But in this cosmopolitan Age of Michael (1879-2233) we must not ignore the archangelic Folk Spirits and the human communities of Folk Souls. We as individuals are spirits who have chosen to incarnate into a certain culture in order to learn something for our personal development, which that culture – which means that Folk Spirit (guiding archangel) -  can teach us. The Folk Spirits have helped us in our individual development; they have played their part in educating us. We can help them to develop also. Since 1900, the spiritual concept of the individuality of nations and ethnic groups has been under increasing threat from two directions: from an older nationalistic reaction to globalisation, a reaction that may be either totalitarian, as in Nazism and Fascism, or else one of a more conservative and traditional nature (cf the Chinese writer Lin Yu Tang’s view of nationality in the 1930s(5)); what these reactions have in common is that they are essentially materialistic, even if they claim to be ‘spiritual’, a word the Nazis and Fascists often used about their movements. They are materialistic because they reject the unity of the spiritual world and of the brotherhood of Man; instead they focus on material factors such as ‘race’, ‘skin colour’, ‘blood and soil’. The second main threat to folk cultures and to the the spiritual concept of the individuality of nations and ethnic groups is represented by modern capitalist globalisation with its ethos of secular, atheistic and materialistic Me-First hedonism. Many liberal and progressive-minded people, obsessed with what they feel to be the brotherhood of Man, urgently seek to sweep away the nation state and all feelings and manifestations of ethnic community in the name of individual freedom and global harmony, gathered under the banner of the United Nations. Ignorant of the western elitist agenda behind the founding and management of the United Nations, and believing themselves to be planetary citizens, they condemn as obscurantists all those who would preserve traditional cultures. Yet esoteric knowledge teaches that as human beings in this world, we live together with three ranks of spiritual beings: as individuals we have our own guardian spirits – the Angels. As members of communities we live within the auras of archangelic beings, guiding and guardian spirits of those communities. Finally, as contemporaries within a certain historical era, we live within the activity of the Archai beings, the Time Spirits. In the modern world, we relate increasingly to the individual impulses of the Angels and of the globe-spanning Time Spirits, but we ignore the Archangels at our peril. To do so would mean loss of ethnic self-knowledge and of communal history itself. Ignorant of its own memory, destiny and character, a community can make terrible historical errors of judgment that can have severely damaging repercussions for the individuals that compose it.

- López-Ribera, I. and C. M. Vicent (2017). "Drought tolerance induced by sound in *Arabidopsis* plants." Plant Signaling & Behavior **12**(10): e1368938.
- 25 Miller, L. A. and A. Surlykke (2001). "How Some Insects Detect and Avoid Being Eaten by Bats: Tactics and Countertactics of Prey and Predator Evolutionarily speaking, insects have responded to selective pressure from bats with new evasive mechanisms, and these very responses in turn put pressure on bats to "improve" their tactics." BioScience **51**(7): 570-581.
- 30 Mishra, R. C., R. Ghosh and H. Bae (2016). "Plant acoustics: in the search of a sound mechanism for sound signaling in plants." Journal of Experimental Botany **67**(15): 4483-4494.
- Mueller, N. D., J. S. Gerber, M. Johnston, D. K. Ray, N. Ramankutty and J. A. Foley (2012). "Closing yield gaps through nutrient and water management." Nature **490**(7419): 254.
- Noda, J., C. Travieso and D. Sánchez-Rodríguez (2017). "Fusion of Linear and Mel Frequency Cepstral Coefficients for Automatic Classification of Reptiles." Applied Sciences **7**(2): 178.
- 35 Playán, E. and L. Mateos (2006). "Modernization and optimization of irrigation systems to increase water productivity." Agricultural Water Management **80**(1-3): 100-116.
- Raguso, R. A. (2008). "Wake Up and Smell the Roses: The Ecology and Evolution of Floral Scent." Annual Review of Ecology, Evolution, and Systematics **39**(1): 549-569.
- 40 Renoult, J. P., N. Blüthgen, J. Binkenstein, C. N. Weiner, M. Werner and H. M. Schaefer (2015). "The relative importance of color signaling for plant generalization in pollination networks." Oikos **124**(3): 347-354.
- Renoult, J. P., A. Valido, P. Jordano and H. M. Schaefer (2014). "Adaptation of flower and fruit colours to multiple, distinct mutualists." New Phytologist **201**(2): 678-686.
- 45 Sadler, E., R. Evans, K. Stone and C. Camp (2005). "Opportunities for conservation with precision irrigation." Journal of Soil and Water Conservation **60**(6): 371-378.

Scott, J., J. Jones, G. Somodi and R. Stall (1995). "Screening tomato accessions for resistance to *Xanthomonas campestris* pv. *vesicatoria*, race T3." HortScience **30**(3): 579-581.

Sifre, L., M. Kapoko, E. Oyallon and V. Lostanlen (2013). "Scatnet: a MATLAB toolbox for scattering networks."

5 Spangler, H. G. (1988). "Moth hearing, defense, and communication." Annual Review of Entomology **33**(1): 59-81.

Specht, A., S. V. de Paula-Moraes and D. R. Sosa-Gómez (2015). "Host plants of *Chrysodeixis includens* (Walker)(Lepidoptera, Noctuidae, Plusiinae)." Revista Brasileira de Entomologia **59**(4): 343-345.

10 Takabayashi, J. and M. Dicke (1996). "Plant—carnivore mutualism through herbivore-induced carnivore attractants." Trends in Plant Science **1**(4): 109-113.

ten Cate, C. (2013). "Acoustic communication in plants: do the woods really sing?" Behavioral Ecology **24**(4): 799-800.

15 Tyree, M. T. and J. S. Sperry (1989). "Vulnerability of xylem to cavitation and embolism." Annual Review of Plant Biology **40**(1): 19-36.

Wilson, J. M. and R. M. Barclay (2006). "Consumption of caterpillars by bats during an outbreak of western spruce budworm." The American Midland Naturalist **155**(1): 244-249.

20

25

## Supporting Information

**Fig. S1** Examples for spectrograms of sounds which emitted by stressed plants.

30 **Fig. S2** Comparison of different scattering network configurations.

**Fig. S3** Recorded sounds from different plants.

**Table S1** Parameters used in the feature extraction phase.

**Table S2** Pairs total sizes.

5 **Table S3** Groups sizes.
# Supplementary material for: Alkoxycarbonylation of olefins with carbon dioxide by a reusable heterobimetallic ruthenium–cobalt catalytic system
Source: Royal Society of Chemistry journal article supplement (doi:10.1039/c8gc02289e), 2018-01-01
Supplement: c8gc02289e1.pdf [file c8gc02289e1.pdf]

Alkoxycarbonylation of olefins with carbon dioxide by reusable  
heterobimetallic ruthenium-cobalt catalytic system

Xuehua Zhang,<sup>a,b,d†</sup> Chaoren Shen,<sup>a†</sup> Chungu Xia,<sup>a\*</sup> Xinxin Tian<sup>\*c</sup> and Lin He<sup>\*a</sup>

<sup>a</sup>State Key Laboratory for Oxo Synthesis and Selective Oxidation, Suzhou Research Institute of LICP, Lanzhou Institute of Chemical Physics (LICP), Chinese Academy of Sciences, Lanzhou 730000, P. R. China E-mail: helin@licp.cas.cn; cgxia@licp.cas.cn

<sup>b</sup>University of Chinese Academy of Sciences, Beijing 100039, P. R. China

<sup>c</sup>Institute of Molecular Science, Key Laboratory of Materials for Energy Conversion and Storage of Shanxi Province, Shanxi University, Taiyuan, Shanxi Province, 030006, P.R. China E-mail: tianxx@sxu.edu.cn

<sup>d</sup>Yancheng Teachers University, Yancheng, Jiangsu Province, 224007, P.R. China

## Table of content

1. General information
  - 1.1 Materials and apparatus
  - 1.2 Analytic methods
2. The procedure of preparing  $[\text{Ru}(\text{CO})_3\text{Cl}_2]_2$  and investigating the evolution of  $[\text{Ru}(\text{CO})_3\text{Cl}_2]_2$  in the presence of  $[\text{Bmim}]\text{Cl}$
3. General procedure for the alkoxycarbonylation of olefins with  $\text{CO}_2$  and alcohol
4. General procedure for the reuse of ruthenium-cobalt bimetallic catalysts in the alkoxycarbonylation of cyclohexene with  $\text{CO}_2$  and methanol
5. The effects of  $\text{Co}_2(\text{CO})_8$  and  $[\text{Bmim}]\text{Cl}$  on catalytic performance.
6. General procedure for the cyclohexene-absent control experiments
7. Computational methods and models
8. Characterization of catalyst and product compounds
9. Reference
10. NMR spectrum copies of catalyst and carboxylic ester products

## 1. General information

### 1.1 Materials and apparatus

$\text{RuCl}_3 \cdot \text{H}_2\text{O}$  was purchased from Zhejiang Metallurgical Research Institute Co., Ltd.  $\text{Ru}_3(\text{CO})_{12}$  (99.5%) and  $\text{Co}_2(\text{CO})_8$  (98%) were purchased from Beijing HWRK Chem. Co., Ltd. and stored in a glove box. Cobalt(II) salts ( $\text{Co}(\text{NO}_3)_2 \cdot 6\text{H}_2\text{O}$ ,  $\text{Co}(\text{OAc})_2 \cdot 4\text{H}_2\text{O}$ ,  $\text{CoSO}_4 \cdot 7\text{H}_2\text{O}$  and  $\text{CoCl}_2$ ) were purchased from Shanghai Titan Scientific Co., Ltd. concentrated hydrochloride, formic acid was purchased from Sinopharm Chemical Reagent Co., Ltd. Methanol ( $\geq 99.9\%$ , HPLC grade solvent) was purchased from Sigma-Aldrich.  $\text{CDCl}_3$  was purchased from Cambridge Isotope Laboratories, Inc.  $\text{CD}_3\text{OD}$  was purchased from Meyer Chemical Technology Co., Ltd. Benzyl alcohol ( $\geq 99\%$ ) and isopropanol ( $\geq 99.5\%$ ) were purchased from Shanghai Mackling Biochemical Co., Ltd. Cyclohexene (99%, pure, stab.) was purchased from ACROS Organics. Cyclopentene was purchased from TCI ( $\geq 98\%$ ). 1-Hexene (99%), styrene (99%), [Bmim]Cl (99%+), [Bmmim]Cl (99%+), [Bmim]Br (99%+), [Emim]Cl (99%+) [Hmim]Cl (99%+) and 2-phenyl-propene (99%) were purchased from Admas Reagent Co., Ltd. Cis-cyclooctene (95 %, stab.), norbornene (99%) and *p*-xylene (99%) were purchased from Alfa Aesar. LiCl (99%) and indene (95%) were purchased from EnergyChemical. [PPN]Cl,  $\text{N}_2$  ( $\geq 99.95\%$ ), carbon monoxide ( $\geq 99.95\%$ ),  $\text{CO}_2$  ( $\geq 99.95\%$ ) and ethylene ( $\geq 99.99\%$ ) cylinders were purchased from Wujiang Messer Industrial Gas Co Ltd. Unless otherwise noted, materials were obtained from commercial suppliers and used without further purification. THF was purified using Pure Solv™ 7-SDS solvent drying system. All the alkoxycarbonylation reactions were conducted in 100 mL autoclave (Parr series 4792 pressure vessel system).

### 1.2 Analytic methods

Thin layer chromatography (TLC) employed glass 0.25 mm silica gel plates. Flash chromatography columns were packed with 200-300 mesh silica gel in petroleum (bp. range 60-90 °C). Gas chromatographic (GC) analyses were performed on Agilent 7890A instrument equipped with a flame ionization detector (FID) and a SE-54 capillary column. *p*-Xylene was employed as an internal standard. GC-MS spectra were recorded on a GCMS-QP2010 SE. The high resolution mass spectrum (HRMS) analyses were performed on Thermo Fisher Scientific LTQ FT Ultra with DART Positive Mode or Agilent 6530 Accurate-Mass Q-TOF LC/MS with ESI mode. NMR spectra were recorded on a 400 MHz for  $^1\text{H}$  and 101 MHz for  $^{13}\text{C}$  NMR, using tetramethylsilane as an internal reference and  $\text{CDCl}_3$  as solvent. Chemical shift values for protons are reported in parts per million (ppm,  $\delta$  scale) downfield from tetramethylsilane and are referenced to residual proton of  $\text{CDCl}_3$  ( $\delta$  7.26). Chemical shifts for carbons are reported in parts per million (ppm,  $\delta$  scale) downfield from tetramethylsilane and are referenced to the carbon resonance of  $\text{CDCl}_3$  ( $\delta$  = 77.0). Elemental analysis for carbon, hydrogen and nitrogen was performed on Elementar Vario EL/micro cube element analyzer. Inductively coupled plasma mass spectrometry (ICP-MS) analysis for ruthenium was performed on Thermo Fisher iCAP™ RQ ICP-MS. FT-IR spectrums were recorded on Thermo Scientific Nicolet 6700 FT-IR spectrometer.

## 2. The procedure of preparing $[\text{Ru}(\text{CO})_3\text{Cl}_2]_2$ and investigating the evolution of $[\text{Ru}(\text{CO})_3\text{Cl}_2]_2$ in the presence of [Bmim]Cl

Britain & Japan: 3 Temptations & Right Choices
Britain and Japan are the  twin Eurasian islands, the twin pillars of the vast Eurasian continent – opposite poles (as is revealed also in the gestures, respectively contractive and expansive, of their  national flags, the Rising Sun disc of Japan and the Cross of St George). Both represent insularity and independence in their respective geographical areas: England resisted domination by continental Eueopan powers; Japan resisted domination by China, the traditional superpower of East Asia.

Both Britain and Japan can be said to face  3 temptations. The first temptation is  to think (luciferically) that they are “better” than the Continent.  Britain has a   tendency to look down on Europe as ‘backward’. The early 17th century poet John Donne gave the English an  antidote to this; he wrote: “No man is an island”, and  Shakespeare’s Prospero returns to the mainland, at the end of “The Tempest”, from his island, to which he had been exiled. England fought its 100 years’ (1337-c1450) war against its regional rival France; Japan fought a 50 year war against what it perceived to be its regional rivals China and the USA (1894-1945). Japan represents the principle of egocentric “freedom” and independence in Asia. In the 9th century the Emperor of China haughtily demanded submission from the  Japanese Emperor and received the bold reply : “From the Lord of the Rising Sun to the Lord of the Setting Sun, greetings.” How Japanese are regarded in Asia has certain similarities to how English are regarded in Europe – as very polite but cold fish, a race apart, with a hard streak. It is surely not an accident that Japan’s destiny has led it to Anglo-America. Will Adams of England was, in 1600, the first English-speaker to establish himself in Japan. The English, unable to do suitable profitable business in Japan, left in 1623. They then founded a new nation in North America which became the United States. 230 years after the English left Japan, unable to make a profit, their progeny, the United States, forced Japan to open its doors to the West in 1853 -  in order to make a much bigger profit.